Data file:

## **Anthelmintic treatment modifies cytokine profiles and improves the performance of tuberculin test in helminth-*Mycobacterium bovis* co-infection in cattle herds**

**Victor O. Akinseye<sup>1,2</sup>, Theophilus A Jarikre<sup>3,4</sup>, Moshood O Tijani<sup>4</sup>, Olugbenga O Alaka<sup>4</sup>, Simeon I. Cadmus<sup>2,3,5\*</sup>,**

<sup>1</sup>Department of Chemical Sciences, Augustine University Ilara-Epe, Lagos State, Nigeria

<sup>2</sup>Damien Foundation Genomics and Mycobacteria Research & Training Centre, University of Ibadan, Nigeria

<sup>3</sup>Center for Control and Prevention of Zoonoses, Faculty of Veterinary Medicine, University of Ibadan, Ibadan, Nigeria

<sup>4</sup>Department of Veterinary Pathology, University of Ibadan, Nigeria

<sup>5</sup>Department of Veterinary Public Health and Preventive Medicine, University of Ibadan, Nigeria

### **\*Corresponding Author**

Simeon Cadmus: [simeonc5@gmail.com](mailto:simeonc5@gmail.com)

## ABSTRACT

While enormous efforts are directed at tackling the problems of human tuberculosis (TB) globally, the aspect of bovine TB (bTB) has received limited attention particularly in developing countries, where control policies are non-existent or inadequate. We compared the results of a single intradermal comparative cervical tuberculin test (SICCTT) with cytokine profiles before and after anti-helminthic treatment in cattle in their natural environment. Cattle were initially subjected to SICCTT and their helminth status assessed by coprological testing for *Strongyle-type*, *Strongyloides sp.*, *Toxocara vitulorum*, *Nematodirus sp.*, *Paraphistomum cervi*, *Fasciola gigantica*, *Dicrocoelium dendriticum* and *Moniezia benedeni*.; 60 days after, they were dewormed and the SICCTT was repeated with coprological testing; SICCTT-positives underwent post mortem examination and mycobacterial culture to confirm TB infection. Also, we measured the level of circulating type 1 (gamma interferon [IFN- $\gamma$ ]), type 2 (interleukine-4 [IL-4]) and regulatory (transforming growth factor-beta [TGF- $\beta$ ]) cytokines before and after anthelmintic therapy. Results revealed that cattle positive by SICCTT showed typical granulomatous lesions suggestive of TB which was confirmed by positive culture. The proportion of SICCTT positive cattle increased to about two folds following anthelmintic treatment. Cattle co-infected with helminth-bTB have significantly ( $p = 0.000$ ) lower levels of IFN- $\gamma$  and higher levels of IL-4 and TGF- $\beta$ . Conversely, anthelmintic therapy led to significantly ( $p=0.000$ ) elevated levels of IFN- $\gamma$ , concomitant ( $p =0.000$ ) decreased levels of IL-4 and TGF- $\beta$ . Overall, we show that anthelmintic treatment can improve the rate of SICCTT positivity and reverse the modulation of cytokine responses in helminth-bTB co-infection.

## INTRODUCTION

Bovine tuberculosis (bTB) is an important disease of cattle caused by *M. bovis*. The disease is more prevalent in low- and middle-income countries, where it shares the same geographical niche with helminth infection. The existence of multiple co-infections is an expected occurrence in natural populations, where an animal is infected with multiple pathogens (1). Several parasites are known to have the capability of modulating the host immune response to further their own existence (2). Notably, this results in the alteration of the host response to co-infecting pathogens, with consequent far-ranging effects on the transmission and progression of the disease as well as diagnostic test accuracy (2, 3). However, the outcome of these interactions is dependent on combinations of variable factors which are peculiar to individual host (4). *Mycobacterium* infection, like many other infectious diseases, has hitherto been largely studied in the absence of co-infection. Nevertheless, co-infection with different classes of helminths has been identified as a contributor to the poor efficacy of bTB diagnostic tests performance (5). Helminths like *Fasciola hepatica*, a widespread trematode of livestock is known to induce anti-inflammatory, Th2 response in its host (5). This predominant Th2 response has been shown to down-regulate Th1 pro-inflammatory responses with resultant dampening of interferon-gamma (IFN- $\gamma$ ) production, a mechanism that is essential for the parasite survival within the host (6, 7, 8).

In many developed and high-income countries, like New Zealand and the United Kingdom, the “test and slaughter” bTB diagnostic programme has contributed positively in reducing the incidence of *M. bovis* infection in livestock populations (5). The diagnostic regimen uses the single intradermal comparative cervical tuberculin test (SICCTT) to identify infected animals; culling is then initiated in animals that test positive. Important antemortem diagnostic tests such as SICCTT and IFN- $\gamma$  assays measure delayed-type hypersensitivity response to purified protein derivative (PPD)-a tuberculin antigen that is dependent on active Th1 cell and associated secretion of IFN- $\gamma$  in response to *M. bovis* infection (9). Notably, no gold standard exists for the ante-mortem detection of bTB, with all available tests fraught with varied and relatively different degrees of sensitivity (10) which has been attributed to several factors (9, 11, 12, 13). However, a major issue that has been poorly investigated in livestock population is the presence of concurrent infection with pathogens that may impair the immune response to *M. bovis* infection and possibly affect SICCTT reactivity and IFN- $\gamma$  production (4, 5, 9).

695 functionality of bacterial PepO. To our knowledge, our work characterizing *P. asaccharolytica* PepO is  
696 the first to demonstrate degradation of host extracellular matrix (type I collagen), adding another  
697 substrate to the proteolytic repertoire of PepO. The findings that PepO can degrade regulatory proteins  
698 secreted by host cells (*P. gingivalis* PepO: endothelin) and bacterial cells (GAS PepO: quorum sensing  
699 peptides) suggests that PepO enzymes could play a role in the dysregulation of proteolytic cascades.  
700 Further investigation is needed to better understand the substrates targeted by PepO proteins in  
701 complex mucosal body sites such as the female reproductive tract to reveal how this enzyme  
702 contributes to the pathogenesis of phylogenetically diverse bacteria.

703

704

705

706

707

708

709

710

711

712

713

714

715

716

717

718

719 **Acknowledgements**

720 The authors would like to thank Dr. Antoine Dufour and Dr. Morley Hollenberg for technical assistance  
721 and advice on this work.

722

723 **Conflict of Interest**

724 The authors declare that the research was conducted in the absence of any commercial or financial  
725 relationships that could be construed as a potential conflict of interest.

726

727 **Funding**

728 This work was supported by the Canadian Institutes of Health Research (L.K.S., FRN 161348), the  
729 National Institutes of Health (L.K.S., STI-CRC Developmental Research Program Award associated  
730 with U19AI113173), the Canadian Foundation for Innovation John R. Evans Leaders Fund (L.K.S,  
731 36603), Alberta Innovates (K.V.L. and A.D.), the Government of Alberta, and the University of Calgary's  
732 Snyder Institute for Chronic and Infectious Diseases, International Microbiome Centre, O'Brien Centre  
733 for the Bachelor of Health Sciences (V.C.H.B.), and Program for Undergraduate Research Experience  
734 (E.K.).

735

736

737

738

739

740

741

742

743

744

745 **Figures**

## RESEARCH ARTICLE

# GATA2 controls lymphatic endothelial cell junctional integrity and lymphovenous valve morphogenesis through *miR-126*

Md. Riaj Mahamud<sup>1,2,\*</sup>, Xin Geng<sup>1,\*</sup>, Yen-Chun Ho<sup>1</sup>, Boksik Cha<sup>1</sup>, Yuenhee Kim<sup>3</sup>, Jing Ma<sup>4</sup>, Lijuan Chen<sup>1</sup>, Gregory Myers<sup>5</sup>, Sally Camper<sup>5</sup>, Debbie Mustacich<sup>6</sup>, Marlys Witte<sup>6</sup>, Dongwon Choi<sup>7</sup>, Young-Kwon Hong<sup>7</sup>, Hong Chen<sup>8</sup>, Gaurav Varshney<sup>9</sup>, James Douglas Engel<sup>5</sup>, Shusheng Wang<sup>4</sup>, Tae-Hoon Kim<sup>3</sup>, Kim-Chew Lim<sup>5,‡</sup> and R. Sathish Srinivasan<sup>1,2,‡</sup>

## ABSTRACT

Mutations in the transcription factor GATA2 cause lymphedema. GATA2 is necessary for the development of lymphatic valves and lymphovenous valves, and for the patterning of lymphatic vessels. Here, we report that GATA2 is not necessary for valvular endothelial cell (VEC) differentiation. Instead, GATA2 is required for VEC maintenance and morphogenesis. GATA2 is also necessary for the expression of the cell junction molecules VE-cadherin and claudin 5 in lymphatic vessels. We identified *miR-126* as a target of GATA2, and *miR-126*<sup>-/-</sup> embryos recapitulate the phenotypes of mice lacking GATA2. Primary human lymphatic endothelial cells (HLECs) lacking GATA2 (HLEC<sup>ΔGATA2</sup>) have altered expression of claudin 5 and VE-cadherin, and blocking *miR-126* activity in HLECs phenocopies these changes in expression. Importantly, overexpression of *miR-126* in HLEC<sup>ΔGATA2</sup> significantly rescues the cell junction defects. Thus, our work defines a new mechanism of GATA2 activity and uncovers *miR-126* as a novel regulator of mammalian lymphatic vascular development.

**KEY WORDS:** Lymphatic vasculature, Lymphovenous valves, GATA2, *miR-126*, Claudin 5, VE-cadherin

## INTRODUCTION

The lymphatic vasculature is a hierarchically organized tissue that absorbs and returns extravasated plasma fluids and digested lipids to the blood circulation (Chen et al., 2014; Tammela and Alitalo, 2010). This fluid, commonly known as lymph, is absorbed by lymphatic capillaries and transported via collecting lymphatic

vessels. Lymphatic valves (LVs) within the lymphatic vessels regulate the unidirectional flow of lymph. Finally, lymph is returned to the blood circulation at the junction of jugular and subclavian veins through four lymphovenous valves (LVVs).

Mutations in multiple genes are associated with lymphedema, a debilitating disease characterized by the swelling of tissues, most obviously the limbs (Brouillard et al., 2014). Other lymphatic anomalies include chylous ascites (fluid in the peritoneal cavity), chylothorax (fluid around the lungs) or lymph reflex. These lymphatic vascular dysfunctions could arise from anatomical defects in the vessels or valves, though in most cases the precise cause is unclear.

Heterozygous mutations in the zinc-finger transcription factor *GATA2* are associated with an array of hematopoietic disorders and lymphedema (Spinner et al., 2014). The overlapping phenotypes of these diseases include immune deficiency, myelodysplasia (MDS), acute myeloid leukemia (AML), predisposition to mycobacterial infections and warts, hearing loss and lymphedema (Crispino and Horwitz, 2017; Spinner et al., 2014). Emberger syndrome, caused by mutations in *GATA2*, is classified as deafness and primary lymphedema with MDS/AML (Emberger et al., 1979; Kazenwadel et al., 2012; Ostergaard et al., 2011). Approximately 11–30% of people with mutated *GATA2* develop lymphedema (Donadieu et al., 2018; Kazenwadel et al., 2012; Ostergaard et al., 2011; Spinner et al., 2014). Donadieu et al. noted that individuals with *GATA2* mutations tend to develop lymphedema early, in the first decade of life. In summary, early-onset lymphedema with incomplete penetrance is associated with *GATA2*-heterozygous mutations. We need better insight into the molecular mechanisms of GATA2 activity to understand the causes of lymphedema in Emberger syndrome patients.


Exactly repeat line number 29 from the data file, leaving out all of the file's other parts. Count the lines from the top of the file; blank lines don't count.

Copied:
709